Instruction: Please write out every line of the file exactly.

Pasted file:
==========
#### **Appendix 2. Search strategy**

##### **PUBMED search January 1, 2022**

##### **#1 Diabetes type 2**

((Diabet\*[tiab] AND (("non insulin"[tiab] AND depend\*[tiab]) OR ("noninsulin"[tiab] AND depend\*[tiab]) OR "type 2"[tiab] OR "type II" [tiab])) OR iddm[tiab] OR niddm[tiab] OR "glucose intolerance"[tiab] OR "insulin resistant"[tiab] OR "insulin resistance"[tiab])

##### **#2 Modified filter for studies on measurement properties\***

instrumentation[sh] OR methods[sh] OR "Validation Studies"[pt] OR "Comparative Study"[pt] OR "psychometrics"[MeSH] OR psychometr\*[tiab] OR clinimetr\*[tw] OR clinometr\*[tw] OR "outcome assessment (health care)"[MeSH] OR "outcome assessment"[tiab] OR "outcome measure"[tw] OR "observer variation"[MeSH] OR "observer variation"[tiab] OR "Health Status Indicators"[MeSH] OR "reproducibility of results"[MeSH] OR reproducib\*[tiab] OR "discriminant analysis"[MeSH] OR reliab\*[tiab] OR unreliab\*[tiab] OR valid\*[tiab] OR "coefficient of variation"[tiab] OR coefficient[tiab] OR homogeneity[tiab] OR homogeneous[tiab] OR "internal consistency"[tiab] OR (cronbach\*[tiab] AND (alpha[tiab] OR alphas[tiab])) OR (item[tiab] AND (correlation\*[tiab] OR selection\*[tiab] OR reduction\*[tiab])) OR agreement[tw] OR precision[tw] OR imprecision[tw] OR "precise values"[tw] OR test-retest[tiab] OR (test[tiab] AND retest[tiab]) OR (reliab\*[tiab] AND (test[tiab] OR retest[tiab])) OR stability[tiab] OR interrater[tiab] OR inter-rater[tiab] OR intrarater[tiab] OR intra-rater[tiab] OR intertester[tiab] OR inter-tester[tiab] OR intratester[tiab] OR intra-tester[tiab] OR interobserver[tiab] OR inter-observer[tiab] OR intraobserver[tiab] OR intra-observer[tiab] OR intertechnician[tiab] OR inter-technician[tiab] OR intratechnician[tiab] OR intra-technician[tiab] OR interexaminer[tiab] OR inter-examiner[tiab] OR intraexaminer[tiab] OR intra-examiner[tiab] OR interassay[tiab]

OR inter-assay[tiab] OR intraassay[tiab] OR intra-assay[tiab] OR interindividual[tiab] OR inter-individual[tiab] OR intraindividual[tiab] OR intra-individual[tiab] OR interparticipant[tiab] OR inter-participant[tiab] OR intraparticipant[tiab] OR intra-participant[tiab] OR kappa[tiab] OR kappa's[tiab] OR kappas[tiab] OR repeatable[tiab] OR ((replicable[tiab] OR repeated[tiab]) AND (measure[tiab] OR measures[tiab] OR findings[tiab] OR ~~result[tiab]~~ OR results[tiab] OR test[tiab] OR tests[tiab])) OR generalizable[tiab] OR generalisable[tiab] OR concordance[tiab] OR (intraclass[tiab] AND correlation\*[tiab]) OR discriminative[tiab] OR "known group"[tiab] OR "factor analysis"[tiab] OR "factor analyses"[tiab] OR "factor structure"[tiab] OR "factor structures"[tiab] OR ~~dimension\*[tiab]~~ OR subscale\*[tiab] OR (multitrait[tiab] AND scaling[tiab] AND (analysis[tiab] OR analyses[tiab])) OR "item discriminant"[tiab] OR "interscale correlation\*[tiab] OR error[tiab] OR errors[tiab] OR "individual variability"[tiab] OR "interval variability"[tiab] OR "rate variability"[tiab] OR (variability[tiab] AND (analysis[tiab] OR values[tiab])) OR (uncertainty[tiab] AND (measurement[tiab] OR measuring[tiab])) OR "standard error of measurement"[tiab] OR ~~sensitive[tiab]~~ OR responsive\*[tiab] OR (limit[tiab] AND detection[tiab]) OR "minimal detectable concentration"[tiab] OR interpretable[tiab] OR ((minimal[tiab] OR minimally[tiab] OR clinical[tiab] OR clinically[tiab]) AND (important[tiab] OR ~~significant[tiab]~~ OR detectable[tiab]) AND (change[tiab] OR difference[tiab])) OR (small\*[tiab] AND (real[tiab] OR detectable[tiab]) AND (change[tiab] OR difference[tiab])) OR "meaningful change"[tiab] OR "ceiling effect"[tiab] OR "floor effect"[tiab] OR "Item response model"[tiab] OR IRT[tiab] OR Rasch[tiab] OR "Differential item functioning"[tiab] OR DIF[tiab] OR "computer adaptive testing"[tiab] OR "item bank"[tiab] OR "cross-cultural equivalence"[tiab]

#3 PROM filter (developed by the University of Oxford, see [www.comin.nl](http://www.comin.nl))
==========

#### **Appendix 2. Search strategy**

##### **PUBMED search January 1, 2022**

##### **#1 Diabetes type 2**

((Diabet\*[tiab] AND (("non insulin"[tiab] AND depend\*[tiab]) OR ("noninsulin"[tiab] AND depend\*[tiab]) OR "type 2"[tiab] OR "type II" [tiab])) OR iddm[tiab] OR niddm[tiab] OR "glucose intolerance"[tiab] OR "insulin resistant"[tiab] OR "insulin resistance"[tiab])

##### **#2 Modified filter for studies on measurement properties\***

instrumentation[sh] OR methods[sh] OR "Validation Studies"[pt] OR "Comparative Study"[pt] OR "psychometrics"[MeSH] OR psychometr\*[tiab] OR clinimetr\*[tw] OR clinometr\*[tw] OR "outcome assessment (health care)"[MeSH] OR "outcome assessment"[tiab] OR "outcome measure"[tw] OR "observer variation"[MeSH] OR "observer variation"[tiab] OR "Health Status Indicators"[MeSH] OR "reproducibility of results"[MeSH] OR reproducib\*[tiab] OR "discriminant analysis"[MeSH] OR reliab\*[tiab] OR unreliab\*[tiab] OR valid\*[tiab] OR "coefficient of variation"[tiab] OR coefficient[tiab] OR homogeneity[tiab] OR homogeneous[tiab] OR "internal consistency"[tiab] OR (cronbach\*[tiab] AND (alpha[tiab] OR alphas[tiab])) OR (item[tiab] AND (correlation\*[tiab] OR selection\*[tiab] OR reduction\*[tiab])) OR agreement[tw] OR precision[tw] OR imprecision[tw] OR "precise values"[tw] OR test-retest[tiab] OR (test[tiab] AND retest[tiab]) OR (reliab\*[tiab] AND (test[tiab] OR retest[tiab])) OR stability[tiab] OR interrater[tiab] OR inter-rater[tiab] OR intrarater[tiab] OR intra-rater[tiab] OR intertester[tiab] OR inter-tester[tiab] OR intratester[tiab] OR intra-tester[tiab] OR interobserver[tiab] OR inter-observer[tiab] OR intraobserver[tiab] OR intra-observer[tiab] OR intertechnician[tiab] OR inter-technician[tiab] OR intratechnician[tiab] OR intra-technician[tiab] OR interexaminer[tiab] OR inter-examiner[tiab] OR intraexaminer[tiab] OR intra-examiner[tiab] OR interassay[tiab]

OR inter-assay[tiab] OR intraassay[tiab] OR intra-assay[tiab] OR interindividual[tiab] OR inter-individual[tiab] OR intraindividual[tiab] OR intra-individual[tiab] OR interparticipant[tiab] OR inter-participant[tiab] OR intraparticipant[tiab] OR intra-participant[tiab] OR kappa[tiab] OR kappa's[tiab] OR kappas[tiab] OR repeatable[tiab] OR ((replicable[tiab] OR repeated[tiab]) AND (measure[tiab] OR measures[tiab] OR findings[tiab] OR ~~result[tiab]~~ OR results[tiab] OR test[tiab] OR tests[tiab])) OR generalizable[tiab] OR generalisable[tiab] OR concordance[tiab] OR (intraclass[tiab] AND correlation\*[tiab]) OR discriminative[tiab] OR "known group"[tiab] OR "factor analysis"[tiab] OR "factor analyses"[tiab] OR "factor structure"[tiab] OR "factor structures"[tiab] OR ~~dimension\*[tiab]~~ OR subscale\*[tiab] OR (multitrait[tiab] AND scaling[tiab] AND (analysis[tiab] OR analyses[tiab])) OR "item discriminant"[tiab] OR "interscale correlation\*[tiab] OR error[tiab] OR errors[tiab] OR "individual variability"[tiab] OR "interval variability"[tiab] OR "rate variability"[tiab] OR (variability[tiab] AND (analysis[tiab] OR values[tiab])) OR (uncertainty[tiab] AND (measurement[tiab] OR measuring[tiab])) OR "standard error of measurement"[tiab] OR ~~sensitive[tiab]~~ OR responsive\*[tiab] OR (limit[tiab] AND detection[tiab]) OR "minimal detectable concentration"[tiab] OR interpretable[tiab] OR ((minimal[tiab] OR minimally[tiab] OR clinical[tiab] OR clinically[tiab]) AND (important[tiab] OR ~~significant[tiab]~~ OR detectable[tiab]) AND (change[tiab] OR difference[tiab])) OR (small\*[tiab] AND (real[tiab] OR detectable[tiab]) AND (change[tiab] OR difference[tiab])) OR "meaningful change"[tiab] OR "ceiling effect"[tiab] OR "floor effect"[tiab] OR "Item response model"[tiab] OR IRT[tiab] OR Rasch[tiab] OR "Differential item functioning"[tiab] OR DIF[tiab] OR "computer adaptive testing"[tiab] OR "item bank"[tiab] OR "cross-cultural equivalence"[tiab]

#3 PROM filter (developed by the University of Oxford, see [www.comin.nl](http://www.comin.nl))